A Coverdell and 529 plan are technically owned by different people. Let’s take a look at the difference.
When you open a 529 plan, the account must be in your name. You don’t have to specify which child the account will be used for.
This is an advantage if you’re the account holder and you’re not sure if the child in your life will go to college. It gives you more control and flexibility to adjust and reallocate the funds to someone else if needed.
Having the funds in your own name means that you also have access if you need them for an emergency — although you’ll have to pay a penalty to use them for a non-education-related expense.
Ownership of a Coverdell ESA is the opposite of a 529 plan. The account must be in the name of a designated beneficiary and not the person contributing to it.
That means that once you contribute to the account, it’s out of your hands. If something changes, you can’t withdraw the funds yourself.
However, you can change the beneficiary to another child without facing tax penalties if the original beneficiary decides not to go to college.
This transfer is restricted to only members of the beneficiary’s family, however. So you can’t transfer a Coverdell ESA from your daughter to the child of a friend.
When it comes to investing in either a 529 plan or a Coverdell ESA, you first need a way to add funds to the account. Then you need to allocate the money to specific types of investments so it can grow over time.
Let's break it down.
With either a 529 plan or a Coverdell ESA, the process of creating and adding funds to them is the same.
You can contribute money to either plan whenever you wish as the child in your life is growing up.
Some family members may opt to contribute to a college savings plan rather than buying toys on special occasions, for example. They can do this by writing a check or making an electronic funds transfer.
More involved family members may choose to have a contribution to the 529 plan come directly off the pay they receive from their employment on a weekly or bi-weekly basis.
With either type of plan, you’ll need to choose an asset allocation. An asset allocation determines the types of investments that are used to grow your college savings plan.
Generally, funds in either a 529 or ESA are invested more aggressively early on. The majority of the funds are typically invested into stocks when a child is young. This offers a higher expected rate of return over time but also more short-term volatility.
As the child in your life gets closer to entering college, the asset allocation changes to emphasize maintaining and preserving the wealth that already exists.
Coverdell ESAs are more restrictive than 529 plans in many ways.
They have higher fees and offer fewer tax breaks. There are fewer eligible expenses that you can spend the savings on. And there are also age limits to worry about.
The good news is that if you’ve already created a Coverdell ESA, it’s possible to roll it over into a 529 plan if you’ve decided that’s the better fit for you.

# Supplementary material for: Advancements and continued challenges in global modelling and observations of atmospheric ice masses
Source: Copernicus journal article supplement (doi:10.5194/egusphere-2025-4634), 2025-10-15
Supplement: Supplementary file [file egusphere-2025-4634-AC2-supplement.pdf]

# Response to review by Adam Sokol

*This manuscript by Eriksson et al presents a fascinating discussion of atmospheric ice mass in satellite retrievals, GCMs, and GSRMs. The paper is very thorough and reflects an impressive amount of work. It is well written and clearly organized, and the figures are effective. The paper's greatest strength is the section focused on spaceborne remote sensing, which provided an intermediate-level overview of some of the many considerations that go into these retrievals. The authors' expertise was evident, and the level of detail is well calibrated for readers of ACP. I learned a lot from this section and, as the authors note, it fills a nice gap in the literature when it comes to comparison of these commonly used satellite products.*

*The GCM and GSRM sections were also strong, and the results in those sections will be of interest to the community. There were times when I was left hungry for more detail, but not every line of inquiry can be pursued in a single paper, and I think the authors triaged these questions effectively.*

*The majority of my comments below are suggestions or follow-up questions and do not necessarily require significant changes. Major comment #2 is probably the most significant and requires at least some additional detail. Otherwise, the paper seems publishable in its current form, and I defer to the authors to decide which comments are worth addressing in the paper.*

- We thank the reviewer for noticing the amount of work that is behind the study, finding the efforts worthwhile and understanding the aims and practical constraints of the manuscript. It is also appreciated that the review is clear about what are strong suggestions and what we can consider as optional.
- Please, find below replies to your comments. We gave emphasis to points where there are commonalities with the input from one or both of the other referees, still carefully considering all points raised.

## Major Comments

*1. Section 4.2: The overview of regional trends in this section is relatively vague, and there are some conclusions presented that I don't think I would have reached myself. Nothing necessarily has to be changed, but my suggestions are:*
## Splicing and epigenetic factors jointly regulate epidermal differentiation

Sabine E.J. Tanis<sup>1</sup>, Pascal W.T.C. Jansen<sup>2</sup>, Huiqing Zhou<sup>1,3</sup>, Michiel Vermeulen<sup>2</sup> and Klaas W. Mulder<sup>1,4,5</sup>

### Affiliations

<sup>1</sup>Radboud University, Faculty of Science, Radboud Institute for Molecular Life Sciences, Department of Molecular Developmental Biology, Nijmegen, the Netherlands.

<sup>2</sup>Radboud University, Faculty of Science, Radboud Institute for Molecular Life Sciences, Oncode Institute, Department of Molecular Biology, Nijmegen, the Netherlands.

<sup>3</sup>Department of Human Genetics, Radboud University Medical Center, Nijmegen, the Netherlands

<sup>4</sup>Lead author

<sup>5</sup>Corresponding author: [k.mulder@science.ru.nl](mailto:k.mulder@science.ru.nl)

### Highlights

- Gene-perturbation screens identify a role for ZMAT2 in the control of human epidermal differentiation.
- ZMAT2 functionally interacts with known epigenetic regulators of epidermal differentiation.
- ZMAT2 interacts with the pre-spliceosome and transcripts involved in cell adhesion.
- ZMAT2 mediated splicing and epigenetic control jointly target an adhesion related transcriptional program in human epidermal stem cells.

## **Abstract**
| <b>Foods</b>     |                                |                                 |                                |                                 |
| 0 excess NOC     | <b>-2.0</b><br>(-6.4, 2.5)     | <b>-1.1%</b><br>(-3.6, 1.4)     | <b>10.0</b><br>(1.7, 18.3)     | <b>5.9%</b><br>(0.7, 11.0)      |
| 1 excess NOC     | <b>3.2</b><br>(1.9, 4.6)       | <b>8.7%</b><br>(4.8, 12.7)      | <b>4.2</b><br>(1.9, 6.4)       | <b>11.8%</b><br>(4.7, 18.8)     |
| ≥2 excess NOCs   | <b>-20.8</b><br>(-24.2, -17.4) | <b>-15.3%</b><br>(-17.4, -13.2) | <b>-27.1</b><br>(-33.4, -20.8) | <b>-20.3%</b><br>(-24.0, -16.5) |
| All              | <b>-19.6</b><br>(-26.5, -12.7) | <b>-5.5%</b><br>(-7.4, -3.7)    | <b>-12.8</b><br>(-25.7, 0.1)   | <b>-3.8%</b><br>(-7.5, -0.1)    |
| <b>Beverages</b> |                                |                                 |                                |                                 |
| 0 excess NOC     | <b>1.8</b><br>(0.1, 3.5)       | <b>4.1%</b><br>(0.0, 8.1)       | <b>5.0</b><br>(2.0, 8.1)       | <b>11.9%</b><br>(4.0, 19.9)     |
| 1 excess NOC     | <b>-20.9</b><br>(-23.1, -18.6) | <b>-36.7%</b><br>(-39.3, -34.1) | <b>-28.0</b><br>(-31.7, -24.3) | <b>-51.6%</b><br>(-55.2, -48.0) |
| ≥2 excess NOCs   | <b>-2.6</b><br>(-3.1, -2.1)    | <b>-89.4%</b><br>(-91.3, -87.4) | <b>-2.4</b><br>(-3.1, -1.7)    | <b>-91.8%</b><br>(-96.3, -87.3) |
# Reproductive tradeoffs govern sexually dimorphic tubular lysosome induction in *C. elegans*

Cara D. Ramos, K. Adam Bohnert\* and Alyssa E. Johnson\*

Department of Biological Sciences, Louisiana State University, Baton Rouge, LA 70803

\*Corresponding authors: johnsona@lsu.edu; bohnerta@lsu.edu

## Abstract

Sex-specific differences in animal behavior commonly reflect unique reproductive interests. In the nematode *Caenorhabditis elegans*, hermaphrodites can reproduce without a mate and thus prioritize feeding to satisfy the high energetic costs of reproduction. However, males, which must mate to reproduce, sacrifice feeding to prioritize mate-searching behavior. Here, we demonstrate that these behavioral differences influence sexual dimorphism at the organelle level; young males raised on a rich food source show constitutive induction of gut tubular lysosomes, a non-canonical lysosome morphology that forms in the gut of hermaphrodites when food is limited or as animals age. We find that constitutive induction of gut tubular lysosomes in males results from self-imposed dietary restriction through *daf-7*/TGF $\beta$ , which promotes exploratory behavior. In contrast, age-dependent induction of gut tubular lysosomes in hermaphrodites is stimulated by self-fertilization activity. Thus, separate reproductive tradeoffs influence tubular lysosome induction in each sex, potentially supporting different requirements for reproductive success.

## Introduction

Moving money from an ESA to a 529 plan counts as a qualified education expense, so you won’t pay any penalties to make the move.
First, you’ll need to open a 529 plan to move your ESA funds over to. You can do this directly or use a financial advisor.
Then, you simply withdraw the funds from your Coverdell ESA and fund your 529 plan with the money.
In order to avoid penalties, you need to deposit the full amount into the 529 plan within 60 days of withdrawing it from the ESA.
In general, most people will benefit more from creating a 529 plan for the child in their life rather than a Coverdell ESA.
Creating a 529 plan offers more flexibility and is likely the best choice if you’re planning to use the account to save for college. This is especially true if you have multiple children that you’d like to use the money for and if you think you’ll contribute more than $2,000 per year.
A Coverdell ESA may be the better choice if you’re saving for private school or other specific situations where you want to cover primary or secondary education expenses.
An ESA may also meet all of your needs if you’re only saving for one child and you aren’t planning to contribute more than $2,000 per year.
These accounts have no funding limits or expense restrictions. The child owns the funds from day one and can spend the money on whatever they like.
While custodial accounts don’t have the same tax benefits as a 529 plan or ESA, they can make an excellent alternative or addition.
They’re a great way to create general-purpose savings for the child in your life and start building wealth from day one. Unlike a 529 plan or an ESA, there are no tax penalties (or outright restrictions) if used for anything other than educational expenses.
In addition to your own children, they can be a great way to provide your grandchild, godchild, niece, or nephew with money to use however they’d like. They can use the money to buy their first car, go backpacking across Europe, or anything else.
For more on this, check out our guide on custodial accounts vs 529s.
529 plans and Coverdell ESAs both have their pros and cons when it comes to building college savings for the child in your life.
However, a Coverdell ESA tends to be the more restrictive and limited option of the two.